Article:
Trusting Your Voice
by Misha Kalan '05
After I returned to Scripps, in early 2004, from a whirlwind adventure studying at the University of York in England, I was asked to serve on a student panel at the Board of Trustees retreat in March. Not one to turn down another adventure— or a free meal and chance to schmooze with the trustees—I accepted and joined two other students on a panel discussing campus social life. I came to a major realization that weekend: if I want to, I can make an impact at Scripps.
Since I want to go into development post-graduation, I elected to run for the student representative position on the Board’s Development Committee (now renamed the Institutional Advancement Committee). Fortunately, I was accepted (along with another student and an alternate), and I prepared to attend my first meeting, in October 2004. During an introductory session with Martha Keates, vice president for advancement, we were shown the ropes of typical committee meeting conduct, encouraged to speak up and not be intimidated by the trustees, and, most important, advised on what to wear. I walked out of that meeting looking forward to providing a current student perspective, eating fabulous lunches, and networking. I had no idea what I was in for.
I am not easily intimidated, nor am I often silent. That said, I admit to being quite anxious during the first trustee committee meeting; I barely said a word the entire time. It wasn’t just the casualness with which the trustees discussed tens of millions of dollars or the realization that I was sitting in a room full of influential and intelligent people who one day may have a building at Scripps named after them. It was the understanding that I have my work cut out for me.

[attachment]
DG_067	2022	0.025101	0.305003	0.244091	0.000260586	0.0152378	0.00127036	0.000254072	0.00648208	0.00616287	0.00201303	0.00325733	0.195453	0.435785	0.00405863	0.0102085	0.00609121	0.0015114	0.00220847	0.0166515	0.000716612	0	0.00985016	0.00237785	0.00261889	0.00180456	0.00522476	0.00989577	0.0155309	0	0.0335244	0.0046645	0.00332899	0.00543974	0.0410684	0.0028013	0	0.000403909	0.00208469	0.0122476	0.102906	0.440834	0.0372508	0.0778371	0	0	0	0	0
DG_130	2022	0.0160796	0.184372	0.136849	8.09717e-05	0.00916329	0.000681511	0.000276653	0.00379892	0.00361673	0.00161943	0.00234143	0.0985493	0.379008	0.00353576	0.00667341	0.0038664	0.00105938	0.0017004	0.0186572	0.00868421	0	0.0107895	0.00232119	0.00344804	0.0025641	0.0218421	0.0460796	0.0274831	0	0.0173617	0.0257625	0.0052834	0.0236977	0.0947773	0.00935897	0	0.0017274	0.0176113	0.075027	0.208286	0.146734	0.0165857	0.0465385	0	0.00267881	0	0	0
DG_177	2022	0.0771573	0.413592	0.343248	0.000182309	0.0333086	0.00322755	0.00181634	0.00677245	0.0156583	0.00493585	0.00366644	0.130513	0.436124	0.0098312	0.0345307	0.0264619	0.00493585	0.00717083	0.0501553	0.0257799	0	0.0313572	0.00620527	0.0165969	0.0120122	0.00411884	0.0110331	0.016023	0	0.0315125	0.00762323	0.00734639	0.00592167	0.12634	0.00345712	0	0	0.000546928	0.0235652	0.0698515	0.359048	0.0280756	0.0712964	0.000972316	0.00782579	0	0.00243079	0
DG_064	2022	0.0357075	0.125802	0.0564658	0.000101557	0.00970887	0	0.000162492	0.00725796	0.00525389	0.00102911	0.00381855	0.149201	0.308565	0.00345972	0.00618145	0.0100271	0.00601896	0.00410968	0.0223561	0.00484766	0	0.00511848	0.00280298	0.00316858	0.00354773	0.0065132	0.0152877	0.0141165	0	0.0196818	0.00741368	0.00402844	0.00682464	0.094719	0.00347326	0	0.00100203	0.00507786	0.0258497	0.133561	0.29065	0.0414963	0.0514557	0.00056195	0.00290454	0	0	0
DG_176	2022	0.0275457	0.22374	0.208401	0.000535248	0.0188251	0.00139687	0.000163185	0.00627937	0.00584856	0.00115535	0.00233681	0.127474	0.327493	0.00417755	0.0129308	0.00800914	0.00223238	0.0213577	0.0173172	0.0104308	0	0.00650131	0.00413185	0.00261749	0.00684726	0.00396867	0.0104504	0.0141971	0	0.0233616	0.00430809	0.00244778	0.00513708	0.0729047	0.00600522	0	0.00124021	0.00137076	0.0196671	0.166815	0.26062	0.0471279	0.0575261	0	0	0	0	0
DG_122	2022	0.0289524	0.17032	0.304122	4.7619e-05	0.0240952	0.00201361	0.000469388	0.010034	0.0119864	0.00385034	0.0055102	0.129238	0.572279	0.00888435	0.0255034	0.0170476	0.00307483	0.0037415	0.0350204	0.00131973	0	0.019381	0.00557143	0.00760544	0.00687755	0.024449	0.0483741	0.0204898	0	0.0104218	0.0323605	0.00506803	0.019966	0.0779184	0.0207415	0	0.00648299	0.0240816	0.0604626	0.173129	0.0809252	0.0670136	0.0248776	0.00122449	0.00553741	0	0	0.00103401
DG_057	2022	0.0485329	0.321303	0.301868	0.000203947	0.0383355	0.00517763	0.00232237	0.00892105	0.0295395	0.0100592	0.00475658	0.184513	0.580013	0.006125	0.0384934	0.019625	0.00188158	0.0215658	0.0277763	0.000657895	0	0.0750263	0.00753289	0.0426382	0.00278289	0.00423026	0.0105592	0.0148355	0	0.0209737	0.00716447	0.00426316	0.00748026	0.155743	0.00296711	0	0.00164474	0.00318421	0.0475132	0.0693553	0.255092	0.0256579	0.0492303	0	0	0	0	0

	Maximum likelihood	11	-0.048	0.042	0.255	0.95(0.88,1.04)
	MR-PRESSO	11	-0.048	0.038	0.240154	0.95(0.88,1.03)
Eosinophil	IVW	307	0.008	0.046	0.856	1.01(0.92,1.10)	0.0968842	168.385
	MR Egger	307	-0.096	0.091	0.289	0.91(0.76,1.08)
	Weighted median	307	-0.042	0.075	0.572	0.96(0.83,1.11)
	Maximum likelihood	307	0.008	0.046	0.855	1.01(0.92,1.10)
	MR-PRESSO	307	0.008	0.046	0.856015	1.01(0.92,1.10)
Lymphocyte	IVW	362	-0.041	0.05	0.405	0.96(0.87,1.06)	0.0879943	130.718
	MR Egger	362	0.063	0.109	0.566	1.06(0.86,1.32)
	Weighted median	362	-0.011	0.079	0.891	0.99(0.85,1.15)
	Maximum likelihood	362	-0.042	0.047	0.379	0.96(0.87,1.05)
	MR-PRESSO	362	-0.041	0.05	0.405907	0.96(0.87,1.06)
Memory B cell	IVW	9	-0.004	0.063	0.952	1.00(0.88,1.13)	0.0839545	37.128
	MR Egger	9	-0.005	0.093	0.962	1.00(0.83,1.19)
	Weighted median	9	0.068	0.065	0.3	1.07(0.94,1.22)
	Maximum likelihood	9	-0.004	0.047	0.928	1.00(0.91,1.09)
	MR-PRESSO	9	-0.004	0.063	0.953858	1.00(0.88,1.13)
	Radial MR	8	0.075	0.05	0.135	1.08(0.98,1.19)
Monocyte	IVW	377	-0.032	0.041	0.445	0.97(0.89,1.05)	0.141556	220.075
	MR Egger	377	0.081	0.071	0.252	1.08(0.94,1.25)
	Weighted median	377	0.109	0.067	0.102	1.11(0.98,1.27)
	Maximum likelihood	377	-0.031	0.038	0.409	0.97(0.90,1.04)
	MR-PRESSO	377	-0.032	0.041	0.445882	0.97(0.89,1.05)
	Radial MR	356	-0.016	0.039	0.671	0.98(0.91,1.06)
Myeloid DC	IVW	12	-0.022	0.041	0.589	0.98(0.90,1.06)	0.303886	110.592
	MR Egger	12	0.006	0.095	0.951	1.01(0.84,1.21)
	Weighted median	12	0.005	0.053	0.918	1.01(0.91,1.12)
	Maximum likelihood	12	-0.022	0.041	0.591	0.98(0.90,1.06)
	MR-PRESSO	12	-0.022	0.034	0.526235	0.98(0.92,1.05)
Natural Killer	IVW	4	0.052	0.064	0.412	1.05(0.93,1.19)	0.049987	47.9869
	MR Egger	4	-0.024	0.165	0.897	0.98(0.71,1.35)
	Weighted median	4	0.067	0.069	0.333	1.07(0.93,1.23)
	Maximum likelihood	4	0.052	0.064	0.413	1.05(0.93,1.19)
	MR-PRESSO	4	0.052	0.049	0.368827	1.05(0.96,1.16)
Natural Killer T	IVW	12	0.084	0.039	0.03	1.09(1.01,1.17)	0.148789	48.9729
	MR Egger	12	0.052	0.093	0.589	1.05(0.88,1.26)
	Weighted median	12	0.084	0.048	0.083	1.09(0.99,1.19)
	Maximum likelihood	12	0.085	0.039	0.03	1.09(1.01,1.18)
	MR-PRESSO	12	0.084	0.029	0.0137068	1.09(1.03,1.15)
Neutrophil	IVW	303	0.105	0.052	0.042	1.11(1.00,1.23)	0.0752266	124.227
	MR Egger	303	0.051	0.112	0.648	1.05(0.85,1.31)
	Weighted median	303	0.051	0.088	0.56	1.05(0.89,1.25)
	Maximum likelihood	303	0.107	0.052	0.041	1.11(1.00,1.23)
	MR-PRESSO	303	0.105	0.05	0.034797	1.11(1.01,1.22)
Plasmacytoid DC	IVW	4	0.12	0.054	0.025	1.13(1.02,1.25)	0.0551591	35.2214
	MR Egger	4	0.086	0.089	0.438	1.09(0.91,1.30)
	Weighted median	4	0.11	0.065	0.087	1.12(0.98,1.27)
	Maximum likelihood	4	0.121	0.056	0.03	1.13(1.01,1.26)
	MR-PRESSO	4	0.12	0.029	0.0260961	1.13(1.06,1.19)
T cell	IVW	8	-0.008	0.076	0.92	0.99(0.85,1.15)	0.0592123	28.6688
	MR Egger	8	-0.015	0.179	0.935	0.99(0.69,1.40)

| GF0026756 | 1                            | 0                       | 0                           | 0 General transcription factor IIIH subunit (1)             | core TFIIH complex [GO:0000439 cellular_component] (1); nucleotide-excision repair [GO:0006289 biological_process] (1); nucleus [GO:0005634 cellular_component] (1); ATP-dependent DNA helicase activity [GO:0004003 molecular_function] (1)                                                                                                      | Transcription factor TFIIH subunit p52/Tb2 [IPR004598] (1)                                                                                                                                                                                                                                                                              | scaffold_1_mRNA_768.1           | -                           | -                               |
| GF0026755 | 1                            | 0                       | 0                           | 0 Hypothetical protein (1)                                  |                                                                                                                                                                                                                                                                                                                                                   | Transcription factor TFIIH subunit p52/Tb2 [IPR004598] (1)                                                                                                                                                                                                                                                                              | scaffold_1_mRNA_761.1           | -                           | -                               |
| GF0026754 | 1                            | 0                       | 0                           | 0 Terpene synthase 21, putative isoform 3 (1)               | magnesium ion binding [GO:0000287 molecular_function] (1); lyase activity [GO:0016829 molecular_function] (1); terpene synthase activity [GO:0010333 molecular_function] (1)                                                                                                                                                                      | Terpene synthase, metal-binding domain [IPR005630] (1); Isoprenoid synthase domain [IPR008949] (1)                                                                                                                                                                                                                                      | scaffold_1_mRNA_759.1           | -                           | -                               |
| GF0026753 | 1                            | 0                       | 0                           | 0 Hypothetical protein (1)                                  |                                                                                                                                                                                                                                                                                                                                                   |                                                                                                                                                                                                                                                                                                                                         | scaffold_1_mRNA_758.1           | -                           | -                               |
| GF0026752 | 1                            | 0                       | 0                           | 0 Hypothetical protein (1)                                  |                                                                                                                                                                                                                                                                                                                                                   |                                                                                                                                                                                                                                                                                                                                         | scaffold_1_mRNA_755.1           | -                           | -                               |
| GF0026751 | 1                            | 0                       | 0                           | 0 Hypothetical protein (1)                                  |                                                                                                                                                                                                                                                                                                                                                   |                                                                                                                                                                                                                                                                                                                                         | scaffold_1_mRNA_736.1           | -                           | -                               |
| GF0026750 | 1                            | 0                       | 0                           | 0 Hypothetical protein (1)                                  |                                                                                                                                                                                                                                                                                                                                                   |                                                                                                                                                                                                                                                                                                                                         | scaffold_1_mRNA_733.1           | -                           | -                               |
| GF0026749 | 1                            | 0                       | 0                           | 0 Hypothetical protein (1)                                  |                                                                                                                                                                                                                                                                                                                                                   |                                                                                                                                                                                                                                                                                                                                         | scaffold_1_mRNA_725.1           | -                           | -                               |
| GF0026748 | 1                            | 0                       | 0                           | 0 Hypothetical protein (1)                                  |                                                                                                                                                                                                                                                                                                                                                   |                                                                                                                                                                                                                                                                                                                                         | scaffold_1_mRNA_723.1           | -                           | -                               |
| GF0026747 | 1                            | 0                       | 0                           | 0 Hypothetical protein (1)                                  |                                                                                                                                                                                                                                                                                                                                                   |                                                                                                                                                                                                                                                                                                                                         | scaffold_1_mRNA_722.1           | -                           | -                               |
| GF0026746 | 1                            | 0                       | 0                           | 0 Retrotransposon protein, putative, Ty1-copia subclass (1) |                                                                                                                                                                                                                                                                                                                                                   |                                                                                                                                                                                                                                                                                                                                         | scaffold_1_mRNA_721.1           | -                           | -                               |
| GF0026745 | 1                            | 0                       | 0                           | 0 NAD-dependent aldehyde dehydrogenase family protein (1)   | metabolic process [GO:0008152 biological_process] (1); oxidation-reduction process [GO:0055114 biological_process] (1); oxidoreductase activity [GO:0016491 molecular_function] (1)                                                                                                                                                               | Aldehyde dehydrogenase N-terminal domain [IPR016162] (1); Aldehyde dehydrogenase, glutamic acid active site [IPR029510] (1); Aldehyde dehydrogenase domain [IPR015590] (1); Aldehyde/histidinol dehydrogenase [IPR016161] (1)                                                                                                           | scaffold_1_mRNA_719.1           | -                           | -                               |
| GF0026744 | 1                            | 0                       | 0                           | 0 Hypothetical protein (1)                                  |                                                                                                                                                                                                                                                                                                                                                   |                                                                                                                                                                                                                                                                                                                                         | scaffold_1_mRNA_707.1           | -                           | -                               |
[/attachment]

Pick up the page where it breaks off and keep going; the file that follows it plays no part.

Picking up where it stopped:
Development is a lot more involved than I initially thought, from planned giving to the annual fund to campaigns to bequests. And there’s a lot more to asking for money than, well, simply asking for money. Sitting in a room with people who are quite accustomed to facts and figures (ones that were flying swiftly over my head) is intimidating… at first. It was during my second meeting with the committee that I realized that I too had something to contribute. I raised my hand and did so.
After the meeting, several other committee members thanked me for my input and mentioned that most of the time the student representatives don’t say much. I found it hard to believe that a Scripps woman would sit silently in a discussion regarding her school and home. Then, I remembered my initial intimidation. From that moment on, I resolved to always speak up when I have something of value to say. Though they are more experienced and knowledgeable than I am, the trustees and committee members have something important in common with me: we all love Scripps and want to see this college thrive. This shared interest made it easy for me to share my own opinions with them. The knowledge and experience I have gained working on the Institutional Advancement Committee will serve me well in the future.And who knows? Maybe I’ll get to be a trustee someday, too.